How to stir up grandmothers: selected works of the star of Soviet photography Vladimir RolovPictolic
"I shoot people because I love them. A rare banality, I know. And I would be glad to say it differently, but there are no other words, these are the most faithful, anyway," one of the best photo artists Vladimir Rolov writes in his book "Photos with stories from the 80s". — Every single hero of this book is the golden fund of the Russian nation, although most of them are without titles, and in general are not known to anyone. Here they are the real Russian people, in whom such human qualities are concentrated that Europe has never dreamed of; and there, believe me, the people are very good."
Rolov was born in 1953 in the Urals. At first he worked as a photojournalist in the local press, and in 1985 he moved to Moscow, becoming head of the illustration department of a major newspaper "Soviet Russia". In this post, he learned all the hardships and hardships of a journalist's life: "Your existence as a person is not recognized in principle. Sick or in love, the family is breaking up or there is no money for life — the newspaper is not interested in this. There is a current number. The principle is simple - die, but do it."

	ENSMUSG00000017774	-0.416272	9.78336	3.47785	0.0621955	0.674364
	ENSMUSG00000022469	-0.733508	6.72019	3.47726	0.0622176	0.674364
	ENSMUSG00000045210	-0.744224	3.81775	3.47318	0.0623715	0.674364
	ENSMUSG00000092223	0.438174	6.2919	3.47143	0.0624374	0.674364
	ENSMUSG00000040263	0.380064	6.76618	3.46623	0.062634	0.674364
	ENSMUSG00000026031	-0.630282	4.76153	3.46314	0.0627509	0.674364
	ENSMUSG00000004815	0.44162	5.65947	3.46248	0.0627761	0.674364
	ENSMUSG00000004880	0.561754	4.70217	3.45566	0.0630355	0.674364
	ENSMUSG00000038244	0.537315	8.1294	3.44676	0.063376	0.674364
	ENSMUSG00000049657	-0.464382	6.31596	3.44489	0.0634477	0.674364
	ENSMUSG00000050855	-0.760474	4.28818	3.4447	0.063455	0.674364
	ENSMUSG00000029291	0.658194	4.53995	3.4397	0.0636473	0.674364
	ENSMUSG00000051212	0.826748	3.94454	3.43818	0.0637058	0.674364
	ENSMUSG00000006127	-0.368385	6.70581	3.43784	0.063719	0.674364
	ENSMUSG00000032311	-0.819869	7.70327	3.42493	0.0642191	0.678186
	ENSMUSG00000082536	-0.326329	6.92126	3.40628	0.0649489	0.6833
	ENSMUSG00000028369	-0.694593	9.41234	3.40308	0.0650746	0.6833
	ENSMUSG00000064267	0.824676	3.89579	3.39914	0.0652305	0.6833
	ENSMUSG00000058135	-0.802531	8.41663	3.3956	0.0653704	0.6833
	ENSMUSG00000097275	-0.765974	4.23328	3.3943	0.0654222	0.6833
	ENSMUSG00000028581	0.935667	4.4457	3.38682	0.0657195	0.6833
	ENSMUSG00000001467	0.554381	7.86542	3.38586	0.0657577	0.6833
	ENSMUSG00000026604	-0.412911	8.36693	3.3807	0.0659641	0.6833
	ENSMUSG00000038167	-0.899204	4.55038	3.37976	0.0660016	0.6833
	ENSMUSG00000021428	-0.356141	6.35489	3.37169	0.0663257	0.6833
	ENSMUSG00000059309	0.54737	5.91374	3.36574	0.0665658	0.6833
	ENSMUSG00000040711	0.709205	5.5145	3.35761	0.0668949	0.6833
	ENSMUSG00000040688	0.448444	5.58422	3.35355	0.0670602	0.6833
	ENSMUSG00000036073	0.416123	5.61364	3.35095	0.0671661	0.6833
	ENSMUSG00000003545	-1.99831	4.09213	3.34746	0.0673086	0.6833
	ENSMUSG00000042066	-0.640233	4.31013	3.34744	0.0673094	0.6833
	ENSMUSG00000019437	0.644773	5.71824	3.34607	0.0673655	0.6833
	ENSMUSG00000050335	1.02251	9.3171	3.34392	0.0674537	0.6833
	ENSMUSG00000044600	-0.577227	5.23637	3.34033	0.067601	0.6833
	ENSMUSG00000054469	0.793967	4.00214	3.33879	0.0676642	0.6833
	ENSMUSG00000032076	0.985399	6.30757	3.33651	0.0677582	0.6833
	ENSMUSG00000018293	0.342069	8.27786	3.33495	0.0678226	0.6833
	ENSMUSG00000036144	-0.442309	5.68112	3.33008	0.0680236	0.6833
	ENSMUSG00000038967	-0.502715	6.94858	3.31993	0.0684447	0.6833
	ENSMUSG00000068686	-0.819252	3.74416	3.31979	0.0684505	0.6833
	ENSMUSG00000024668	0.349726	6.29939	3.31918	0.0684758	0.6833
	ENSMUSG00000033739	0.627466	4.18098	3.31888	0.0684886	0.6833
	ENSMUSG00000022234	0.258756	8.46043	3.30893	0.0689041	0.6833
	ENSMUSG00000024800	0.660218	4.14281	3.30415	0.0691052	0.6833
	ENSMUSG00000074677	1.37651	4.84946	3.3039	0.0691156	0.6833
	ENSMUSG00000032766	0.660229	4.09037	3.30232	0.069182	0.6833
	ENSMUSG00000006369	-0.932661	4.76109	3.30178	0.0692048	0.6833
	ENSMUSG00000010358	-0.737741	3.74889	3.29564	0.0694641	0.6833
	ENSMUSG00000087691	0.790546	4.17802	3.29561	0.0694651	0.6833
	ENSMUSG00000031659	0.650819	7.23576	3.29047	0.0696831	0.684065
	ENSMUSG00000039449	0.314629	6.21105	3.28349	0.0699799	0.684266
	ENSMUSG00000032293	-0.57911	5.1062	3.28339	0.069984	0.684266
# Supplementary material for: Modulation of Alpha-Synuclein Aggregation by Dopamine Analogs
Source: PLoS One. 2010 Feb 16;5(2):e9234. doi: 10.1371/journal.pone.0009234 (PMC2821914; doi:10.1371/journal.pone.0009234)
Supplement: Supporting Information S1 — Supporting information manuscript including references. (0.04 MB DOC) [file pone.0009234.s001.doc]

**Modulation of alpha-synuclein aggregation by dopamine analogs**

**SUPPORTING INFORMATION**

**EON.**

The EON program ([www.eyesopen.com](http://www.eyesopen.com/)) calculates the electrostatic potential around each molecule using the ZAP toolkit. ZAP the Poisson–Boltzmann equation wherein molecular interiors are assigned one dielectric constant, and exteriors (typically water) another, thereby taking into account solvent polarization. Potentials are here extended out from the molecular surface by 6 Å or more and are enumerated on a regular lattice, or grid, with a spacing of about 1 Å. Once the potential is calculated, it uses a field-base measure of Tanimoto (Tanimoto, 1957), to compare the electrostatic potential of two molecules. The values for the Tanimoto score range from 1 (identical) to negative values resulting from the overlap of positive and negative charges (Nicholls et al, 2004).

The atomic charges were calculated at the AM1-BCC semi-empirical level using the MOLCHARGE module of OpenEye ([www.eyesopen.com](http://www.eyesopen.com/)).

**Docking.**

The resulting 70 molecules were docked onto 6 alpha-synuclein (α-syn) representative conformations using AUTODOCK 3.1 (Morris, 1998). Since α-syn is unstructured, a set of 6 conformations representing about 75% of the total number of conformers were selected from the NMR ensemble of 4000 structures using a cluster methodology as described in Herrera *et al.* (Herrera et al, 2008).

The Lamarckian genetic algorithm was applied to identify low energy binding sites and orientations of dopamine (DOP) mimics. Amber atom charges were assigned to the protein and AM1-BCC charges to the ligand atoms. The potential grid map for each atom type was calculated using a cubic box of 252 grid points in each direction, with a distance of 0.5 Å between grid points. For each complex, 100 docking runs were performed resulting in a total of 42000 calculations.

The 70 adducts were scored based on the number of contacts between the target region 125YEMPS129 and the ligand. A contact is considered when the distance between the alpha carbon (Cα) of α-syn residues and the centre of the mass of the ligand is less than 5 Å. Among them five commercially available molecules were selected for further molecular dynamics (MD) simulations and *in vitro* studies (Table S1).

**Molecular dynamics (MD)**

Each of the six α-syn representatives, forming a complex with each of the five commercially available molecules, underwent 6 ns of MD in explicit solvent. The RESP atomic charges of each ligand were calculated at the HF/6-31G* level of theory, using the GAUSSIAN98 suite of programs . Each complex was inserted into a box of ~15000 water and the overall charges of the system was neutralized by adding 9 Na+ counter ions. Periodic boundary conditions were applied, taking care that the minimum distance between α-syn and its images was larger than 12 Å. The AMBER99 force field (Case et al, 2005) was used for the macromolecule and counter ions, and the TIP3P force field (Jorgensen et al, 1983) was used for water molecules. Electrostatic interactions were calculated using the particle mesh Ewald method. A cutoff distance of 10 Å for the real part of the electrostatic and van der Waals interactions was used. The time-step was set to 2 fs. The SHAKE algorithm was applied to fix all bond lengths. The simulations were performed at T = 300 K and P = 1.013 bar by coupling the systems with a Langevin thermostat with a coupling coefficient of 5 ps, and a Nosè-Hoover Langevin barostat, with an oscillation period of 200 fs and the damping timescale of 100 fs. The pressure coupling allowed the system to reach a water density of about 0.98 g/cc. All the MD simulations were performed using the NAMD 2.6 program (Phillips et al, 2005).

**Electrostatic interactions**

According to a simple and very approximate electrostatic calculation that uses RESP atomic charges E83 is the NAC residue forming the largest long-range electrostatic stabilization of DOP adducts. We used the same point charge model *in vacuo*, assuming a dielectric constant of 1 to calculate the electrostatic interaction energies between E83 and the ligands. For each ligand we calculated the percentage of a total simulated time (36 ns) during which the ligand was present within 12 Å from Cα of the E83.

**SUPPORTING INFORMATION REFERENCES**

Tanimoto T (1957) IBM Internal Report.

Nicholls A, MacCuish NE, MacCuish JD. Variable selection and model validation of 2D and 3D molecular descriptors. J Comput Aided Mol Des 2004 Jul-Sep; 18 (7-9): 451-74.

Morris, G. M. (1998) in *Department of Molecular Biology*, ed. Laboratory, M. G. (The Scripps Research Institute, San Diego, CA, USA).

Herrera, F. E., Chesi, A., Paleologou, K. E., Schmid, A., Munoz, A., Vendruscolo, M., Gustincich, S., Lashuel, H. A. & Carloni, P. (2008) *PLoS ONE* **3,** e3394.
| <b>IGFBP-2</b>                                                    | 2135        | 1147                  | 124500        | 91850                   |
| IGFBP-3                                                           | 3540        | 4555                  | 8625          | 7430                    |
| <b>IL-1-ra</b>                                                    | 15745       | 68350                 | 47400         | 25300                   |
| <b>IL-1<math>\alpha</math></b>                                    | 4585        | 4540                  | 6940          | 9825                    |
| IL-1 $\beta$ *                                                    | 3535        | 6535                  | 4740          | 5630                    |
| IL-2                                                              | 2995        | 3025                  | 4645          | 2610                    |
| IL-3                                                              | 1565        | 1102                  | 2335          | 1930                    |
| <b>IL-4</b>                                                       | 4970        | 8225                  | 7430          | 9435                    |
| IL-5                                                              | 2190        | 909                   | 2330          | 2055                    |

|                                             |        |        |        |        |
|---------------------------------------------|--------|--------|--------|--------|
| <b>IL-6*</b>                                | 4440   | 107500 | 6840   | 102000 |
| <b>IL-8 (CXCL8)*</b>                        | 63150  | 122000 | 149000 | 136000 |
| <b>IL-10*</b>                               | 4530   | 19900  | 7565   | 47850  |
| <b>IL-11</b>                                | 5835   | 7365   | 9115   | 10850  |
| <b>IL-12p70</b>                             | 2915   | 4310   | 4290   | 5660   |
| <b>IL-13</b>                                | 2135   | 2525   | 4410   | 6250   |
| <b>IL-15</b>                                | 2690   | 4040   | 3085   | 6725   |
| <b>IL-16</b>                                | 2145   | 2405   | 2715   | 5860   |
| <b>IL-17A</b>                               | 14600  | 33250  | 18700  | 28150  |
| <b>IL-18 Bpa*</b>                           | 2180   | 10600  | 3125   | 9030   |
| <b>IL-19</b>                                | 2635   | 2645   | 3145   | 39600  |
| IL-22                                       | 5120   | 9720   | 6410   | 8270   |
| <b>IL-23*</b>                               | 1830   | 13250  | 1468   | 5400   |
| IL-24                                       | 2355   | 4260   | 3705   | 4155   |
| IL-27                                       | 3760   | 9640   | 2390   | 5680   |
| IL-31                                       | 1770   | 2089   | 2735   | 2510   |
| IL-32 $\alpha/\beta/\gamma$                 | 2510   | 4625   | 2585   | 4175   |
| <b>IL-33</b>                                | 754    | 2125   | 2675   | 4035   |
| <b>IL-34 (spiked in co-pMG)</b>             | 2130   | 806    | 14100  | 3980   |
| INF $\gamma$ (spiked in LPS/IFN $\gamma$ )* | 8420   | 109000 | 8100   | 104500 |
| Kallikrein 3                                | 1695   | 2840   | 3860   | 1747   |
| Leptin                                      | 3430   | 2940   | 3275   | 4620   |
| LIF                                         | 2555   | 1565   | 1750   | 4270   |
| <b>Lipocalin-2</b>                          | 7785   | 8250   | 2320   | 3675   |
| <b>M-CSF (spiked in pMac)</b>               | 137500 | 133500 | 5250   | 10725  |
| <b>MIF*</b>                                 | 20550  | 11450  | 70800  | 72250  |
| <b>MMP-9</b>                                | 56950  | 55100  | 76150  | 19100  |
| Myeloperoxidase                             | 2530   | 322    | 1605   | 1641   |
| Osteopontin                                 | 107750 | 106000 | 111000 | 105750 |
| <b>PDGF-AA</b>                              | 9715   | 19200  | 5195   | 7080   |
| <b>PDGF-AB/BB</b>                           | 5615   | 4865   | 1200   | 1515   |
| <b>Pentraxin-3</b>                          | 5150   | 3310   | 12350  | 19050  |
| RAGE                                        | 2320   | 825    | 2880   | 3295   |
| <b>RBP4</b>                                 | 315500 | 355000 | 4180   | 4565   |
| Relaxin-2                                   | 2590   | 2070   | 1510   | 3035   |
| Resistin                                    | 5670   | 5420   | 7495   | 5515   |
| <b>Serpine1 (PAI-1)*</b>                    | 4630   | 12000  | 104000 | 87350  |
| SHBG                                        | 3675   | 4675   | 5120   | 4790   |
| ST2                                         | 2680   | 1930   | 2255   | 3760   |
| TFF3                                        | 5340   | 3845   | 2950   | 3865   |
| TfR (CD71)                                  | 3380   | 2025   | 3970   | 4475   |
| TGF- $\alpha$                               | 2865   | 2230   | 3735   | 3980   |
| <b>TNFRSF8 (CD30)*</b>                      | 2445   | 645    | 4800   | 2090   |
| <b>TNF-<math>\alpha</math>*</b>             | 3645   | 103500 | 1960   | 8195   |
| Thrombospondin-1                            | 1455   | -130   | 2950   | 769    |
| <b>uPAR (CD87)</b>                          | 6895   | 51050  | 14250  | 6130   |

"The most important thing that journalism gives to its adherents is meetings. And each of them changes you by some fraction, grinds you or even re-forms the worldview. Anyone who takes their craft seriously will confirm how much our photos affect us. Every picture that a photographer gives himself to is always a whole story."
"I once filmed two grandmothers. As soon as I point the lens at them, they are replaced. Since ancient times, they have a stamp in their head: if they are photographed, then it is "serious" and that the hand is on the shoulder. Chat without a camera - wonderful grandmothers, laughing, witty. And as soon as you start taking pictures, both become glassy. My God, what should I do? He took it in despair and said: "Grandmothers, talk about grandfathers!" And I took this picture."
"Photography, like other types of art, is the artist's message to the viewer. He is trying to say something about the boiling, and the viewer should guess what the photographer can't sleep about. The more expressive the picture, the clearer the message. That is, there should be a couple of things so that it reaches the addressee: a clear language, so that they understand, and so that they can say something at least."
In 1990, Rolov left, so to speak, for advanced training courses in Germany. Yes, he stayed there. He began publishing in prominent European publications, won a prestigious photo contest, and then took up writing books.